Medicinal mushrooms
No need to search the woods ... just go to the produce aisle

Medicinal mushrooms
Marija Helt - 03/19/2020

With celebrity doctors on the medicinal mushroom bandwagon, many folks have become curious about those functional fungi beyond the ubiquitous buttons, crimini and portabellas. (All three are the same species, by the way.) Not everyone has the expertise to go out to the woods and forage for more interesting mushrooms. So, what’s a newly budding fungiphile to do?

A way to more or less guarantee that the mushrooms you’re gathering aren’t going to earn you a dirt nap, or at least a long sojourn on the toilet, is to forage at your local market. The United States is not the most mushroom-friendly place in the world, but we’ve come a long way in our grocery store offerings. Also, those buttons, crimini and portabellas are more interesting than you may think; but that’s a topic for another time.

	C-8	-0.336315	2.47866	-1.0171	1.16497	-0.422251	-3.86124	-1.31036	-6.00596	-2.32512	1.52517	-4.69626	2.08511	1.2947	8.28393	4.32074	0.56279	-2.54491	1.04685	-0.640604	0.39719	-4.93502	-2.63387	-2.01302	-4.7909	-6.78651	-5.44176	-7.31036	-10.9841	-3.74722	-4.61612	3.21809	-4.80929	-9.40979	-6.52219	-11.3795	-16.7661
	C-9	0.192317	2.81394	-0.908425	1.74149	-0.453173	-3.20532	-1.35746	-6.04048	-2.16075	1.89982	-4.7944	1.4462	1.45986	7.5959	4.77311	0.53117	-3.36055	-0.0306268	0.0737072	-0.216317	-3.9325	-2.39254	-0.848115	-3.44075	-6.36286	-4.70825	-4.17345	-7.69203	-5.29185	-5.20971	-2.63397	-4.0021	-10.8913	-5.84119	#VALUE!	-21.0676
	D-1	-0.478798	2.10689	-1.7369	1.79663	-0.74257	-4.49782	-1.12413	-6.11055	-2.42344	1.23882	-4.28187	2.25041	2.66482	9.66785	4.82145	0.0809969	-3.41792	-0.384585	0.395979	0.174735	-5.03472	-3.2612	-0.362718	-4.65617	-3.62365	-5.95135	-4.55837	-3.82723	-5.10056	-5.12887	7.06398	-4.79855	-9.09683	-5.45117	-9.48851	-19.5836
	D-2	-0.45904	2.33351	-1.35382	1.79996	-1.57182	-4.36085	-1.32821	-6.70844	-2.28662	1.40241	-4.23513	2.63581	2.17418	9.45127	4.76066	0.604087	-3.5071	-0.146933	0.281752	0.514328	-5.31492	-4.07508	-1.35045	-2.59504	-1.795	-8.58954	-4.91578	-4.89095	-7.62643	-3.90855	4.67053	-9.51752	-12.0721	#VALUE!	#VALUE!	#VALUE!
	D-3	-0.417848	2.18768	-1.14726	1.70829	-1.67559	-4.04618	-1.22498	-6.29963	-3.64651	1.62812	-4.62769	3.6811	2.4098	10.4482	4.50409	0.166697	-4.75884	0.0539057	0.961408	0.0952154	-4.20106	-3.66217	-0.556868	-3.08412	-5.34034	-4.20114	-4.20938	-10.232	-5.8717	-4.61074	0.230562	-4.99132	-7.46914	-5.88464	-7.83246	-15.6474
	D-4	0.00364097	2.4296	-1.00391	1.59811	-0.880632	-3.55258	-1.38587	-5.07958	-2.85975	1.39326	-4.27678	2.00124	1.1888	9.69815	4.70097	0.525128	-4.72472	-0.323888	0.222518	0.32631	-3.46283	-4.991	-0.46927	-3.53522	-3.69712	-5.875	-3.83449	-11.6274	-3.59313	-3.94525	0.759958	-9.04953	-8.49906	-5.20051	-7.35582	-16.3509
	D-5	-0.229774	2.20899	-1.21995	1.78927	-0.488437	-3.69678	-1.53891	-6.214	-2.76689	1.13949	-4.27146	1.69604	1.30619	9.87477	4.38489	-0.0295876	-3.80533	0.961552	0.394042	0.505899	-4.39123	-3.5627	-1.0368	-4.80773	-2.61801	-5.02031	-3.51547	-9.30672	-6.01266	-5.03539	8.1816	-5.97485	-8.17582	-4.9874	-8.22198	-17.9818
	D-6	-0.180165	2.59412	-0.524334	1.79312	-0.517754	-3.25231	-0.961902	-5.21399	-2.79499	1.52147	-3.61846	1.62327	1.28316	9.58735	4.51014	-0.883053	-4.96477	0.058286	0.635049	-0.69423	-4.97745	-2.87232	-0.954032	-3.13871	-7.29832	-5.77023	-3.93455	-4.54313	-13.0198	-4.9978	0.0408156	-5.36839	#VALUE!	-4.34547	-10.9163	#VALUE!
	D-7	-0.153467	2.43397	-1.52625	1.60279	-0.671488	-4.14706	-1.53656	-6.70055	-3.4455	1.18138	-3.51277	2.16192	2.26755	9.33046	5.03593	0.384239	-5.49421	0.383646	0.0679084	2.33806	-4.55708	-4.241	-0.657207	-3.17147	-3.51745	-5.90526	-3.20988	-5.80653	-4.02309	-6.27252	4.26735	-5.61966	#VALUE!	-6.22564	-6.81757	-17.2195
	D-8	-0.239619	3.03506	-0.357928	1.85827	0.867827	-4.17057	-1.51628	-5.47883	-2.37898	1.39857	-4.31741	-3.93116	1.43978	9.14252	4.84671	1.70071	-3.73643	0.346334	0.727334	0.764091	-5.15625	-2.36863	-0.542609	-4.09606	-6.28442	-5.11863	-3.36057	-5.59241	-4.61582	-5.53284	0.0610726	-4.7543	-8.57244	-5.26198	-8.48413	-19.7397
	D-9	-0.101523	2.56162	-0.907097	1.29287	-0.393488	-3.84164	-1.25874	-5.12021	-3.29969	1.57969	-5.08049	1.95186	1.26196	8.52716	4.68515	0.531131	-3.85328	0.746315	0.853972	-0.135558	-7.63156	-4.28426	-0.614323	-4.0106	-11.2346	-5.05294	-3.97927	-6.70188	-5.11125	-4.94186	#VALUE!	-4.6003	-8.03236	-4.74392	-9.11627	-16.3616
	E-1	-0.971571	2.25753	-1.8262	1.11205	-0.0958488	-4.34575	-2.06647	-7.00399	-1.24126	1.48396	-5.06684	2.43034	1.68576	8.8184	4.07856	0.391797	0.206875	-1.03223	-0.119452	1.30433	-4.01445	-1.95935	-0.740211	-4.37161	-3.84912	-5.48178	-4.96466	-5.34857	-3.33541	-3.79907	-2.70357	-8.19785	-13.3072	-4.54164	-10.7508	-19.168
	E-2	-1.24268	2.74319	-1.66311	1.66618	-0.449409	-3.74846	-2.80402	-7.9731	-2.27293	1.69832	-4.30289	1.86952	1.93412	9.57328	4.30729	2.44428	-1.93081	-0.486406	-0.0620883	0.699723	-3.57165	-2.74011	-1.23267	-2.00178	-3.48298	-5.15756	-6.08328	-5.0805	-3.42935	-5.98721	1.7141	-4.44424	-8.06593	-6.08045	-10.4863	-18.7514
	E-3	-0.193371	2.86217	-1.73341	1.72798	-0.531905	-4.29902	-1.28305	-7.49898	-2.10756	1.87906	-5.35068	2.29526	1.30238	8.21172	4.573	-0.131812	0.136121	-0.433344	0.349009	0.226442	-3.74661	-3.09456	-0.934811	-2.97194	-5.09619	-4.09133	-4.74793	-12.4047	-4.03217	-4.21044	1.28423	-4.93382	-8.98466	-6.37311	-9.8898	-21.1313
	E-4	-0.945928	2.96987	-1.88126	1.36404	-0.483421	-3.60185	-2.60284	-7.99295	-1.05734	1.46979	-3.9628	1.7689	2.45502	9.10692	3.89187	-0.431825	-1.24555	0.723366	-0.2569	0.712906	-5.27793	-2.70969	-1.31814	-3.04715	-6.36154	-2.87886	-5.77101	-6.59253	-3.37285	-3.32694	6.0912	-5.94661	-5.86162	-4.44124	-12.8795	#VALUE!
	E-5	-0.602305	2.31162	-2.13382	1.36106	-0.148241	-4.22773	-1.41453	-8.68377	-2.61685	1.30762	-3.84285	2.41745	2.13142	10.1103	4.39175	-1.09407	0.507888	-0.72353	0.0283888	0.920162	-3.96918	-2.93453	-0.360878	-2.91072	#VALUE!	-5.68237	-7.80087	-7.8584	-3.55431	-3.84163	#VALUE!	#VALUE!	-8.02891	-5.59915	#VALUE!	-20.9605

Edible mushrooms are loaded with nutrients. Dried mushrooms are 10-40 percent bioavailable protein and contain all nine essential amino acids. Mushrooms also provide multiple B vitamins. Some contain significant levels of vitamin B12, such as those tasties: chanterelles and black trumpet mushrooms. Mushrooms are a good source of vitamin D, even more so if you expose them to sunlight (similar to our need for sunlight to synthesize this vitamin). Add on the potassium, selenium, zinc and copper found in mushrooms, and you’ve got yourself a pretty solid meal.

Medicinally speaking, all edible mushrooms support healthy immune system function. Many benefit the cardiovascular system, liver and kidneys. Edible mushrooms also have anti-microbial effects against bacteria, viruses and other fungi. (Contrary to popular belief, mushrooms are fine on a “candida diet” and may be helpful if candida overgrowth is actually the problem.)